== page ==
BRC: All of your characters in LOOK AGAIN have wonderful depth. Does the deeply emotional subject play any part in that, or do you tend to craft strong-minded characters?
LS: Thank you for that. To me, characterization is the most important element of a novel. You can have an incredibly suspenseful book, but if you don’t care about the characters and what happens to them, the book doesn’t work. I try to write characters who are like the women I know --- strong, resourceful and independent, yet soft-hearted and funny. My touchstone is always the great Eleanor Roosevelt quote, "A woman is like tea bag. You never know how strong she is until she’s in hot water.” That’s my mantra --- in fiction and life.
BRC: Did you personally arrive at an answer to the question posed by LOOK AGAIN: What would you do if confronted with the same dilemma Ellen was confronted with?
LS: It is funny that you should ask me that question. When I first gave my book to my agent, my editor and my assistant, we all had different reactions. Throughout the week we went back and forth, and you could argue both sides. I don’t want to say what I’d do. Because it could change, and I really want readers to come to their own conclusions. That’s why I think this is the perfect book club book.
BRC: You say, “Write what you know.” You have an impressive educational history, culminating in a law degree. You teach. You write a column for a newspaper, which seems to have spawned the idea for LOOK AGAIN. Where else do you draw ideas from?
LS: Truly, I get my ideas from the heart. I know that might sound corny, but I like to write about things that really matter to me --- family, love, truth, right and wrong, and a really great tomato sauce.
BRC: Your book is dedicated to your daughter, which is quite poignant. Did you decide that before you started the book, or did it come to you along the way?
LS: I couldn’t imagine dedicating this book to anyone else. I don’t think I could write a book about the power of a mother’s love and not write it with my amazing daughter in mind.
BRC: Is it difficult for you to write a weekly column, or do you respond well to an ongoing deadline like that?
LS: I love writing the column, and it’s a lot easier for me to write 800 words than the 100,000 it takes for a novel. Each week, I wonder if I’m going to have something to write about, but the column, much like my books, comes from real life. And it’s been a great exercise in getting to the point! The start of LOOK AGAIN is so fast because of the discipline of writing the column, I know it. What a bonus!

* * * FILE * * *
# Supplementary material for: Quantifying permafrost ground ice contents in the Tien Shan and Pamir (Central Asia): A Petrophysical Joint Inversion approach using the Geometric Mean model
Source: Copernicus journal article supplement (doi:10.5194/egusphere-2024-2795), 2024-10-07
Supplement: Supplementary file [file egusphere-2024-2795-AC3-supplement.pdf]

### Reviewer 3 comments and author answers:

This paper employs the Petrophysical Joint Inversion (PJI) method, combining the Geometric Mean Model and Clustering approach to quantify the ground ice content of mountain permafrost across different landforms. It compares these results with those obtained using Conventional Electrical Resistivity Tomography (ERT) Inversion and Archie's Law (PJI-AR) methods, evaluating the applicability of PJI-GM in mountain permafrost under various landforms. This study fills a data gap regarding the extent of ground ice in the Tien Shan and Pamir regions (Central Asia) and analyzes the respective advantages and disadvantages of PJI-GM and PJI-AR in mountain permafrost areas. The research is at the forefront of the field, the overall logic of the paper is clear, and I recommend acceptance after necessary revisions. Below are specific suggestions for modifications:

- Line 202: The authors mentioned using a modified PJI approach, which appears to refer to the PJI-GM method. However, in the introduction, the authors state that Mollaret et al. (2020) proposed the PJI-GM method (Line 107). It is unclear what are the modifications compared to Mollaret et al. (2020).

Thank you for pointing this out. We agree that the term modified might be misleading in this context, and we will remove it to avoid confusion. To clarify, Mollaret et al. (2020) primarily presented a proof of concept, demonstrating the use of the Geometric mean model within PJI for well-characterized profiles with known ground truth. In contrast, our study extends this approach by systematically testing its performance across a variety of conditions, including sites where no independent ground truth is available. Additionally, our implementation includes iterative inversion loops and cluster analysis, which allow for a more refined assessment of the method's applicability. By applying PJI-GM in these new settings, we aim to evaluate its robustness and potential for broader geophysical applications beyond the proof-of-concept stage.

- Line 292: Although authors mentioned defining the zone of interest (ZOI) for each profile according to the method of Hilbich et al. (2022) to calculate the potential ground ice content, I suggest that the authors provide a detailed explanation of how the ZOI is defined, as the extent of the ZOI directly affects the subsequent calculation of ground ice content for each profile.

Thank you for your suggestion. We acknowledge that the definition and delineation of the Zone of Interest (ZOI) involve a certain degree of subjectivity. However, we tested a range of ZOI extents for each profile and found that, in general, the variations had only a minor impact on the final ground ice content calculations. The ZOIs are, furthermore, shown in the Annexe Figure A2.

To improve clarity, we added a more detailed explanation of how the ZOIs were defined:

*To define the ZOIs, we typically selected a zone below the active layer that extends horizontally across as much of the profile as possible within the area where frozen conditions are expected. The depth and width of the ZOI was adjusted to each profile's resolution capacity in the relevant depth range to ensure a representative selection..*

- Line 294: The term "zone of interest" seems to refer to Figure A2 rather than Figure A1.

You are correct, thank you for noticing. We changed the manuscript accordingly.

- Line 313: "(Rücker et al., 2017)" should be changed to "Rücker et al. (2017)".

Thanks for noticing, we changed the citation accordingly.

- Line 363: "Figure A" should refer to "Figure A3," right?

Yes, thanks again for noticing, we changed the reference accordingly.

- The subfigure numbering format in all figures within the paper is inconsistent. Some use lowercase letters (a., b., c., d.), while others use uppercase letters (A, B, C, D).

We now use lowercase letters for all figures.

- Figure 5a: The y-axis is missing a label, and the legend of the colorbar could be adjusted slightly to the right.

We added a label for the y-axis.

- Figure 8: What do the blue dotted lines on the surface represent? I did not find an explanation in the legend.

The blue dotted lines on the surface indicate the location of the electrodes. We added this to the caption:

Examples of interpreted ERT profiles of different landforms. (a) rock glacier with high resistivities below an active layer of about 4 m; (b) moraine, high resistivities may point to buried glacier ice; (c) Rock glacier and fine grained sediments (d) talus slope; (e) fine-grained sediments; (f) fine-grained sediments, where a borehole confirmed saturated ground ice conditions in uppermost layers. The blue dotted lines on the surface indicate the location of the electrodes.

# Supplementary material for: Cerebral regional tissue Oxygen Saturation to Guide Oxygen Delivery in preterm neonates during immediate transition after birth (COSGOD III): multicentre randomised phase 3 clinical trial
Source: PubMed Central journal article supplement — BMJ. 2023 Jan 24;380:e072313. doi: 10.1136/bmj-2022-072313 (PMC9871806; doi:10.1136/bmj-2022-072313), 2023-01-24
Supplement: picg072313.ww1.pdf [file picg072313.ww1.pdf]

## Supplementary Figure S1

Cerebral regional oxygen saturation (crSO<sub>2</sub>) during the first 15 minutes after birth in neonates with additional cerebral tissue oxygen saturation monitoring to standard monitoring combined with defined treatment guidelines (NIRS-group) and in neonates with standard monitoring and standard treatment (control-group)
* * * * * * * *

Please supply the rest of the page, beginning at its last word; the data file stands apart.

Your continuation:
BRC: You typically write a book a year. Is that a punishing schedule or one that you have come to work with?
LS: I work all the time, which is not a complaint because I love what I do. It typically takes about a year to complete the book from start to final edit, but the actual first-draft writing time is about six months. I will always do a book a year, but I’m working towards writing the books closer together.
Bottom line, this is the dream job, and it allows me the time to dream. What’s not to like?
BRC: What are you working on now, and when might readers expect to see it?
LS: The next book is a Bennie Rosato book and features the return of her evil twin, Alice Connolly. I get a lot of e-mail requesting the return of Bennie and the girls of Rosato & Associates because people have become attached to them and want to know what happens next with them. It’s wonderful to revisit these familiar characters and have them grow and develop even further, but it is equally exciting to write a brand-new character, like Ellen Gleeson in LOOK AGAIN. I like to change it up. That’s how I think I can keep people excited about me, book to book.
BRC: Somewhere I heard you called “the female John Grisham.” Do you think that stems from your background and experience, or simply that you have written a lot of legal thrillers?
LS: As I said, I don’t view my books as legal thrillers, just books about strong women who happen to be lawyers. When I first started writing, John Grisham had burst onto the scene and had opened the door to writing about lawyers. At the time, I realized that women weren’t well represented in suspense or thriller novels --- we were always the girlfriend, the wife, or the hooker --- and that gets old. Plus I knew it was something I would really enjoy writing.
BRC: “Snickers equals romance”? I love that line. Where did you come up with that, and how do I make that work for me?
LS: Ha! Honey, you can’t ever go wrong with saturated fats.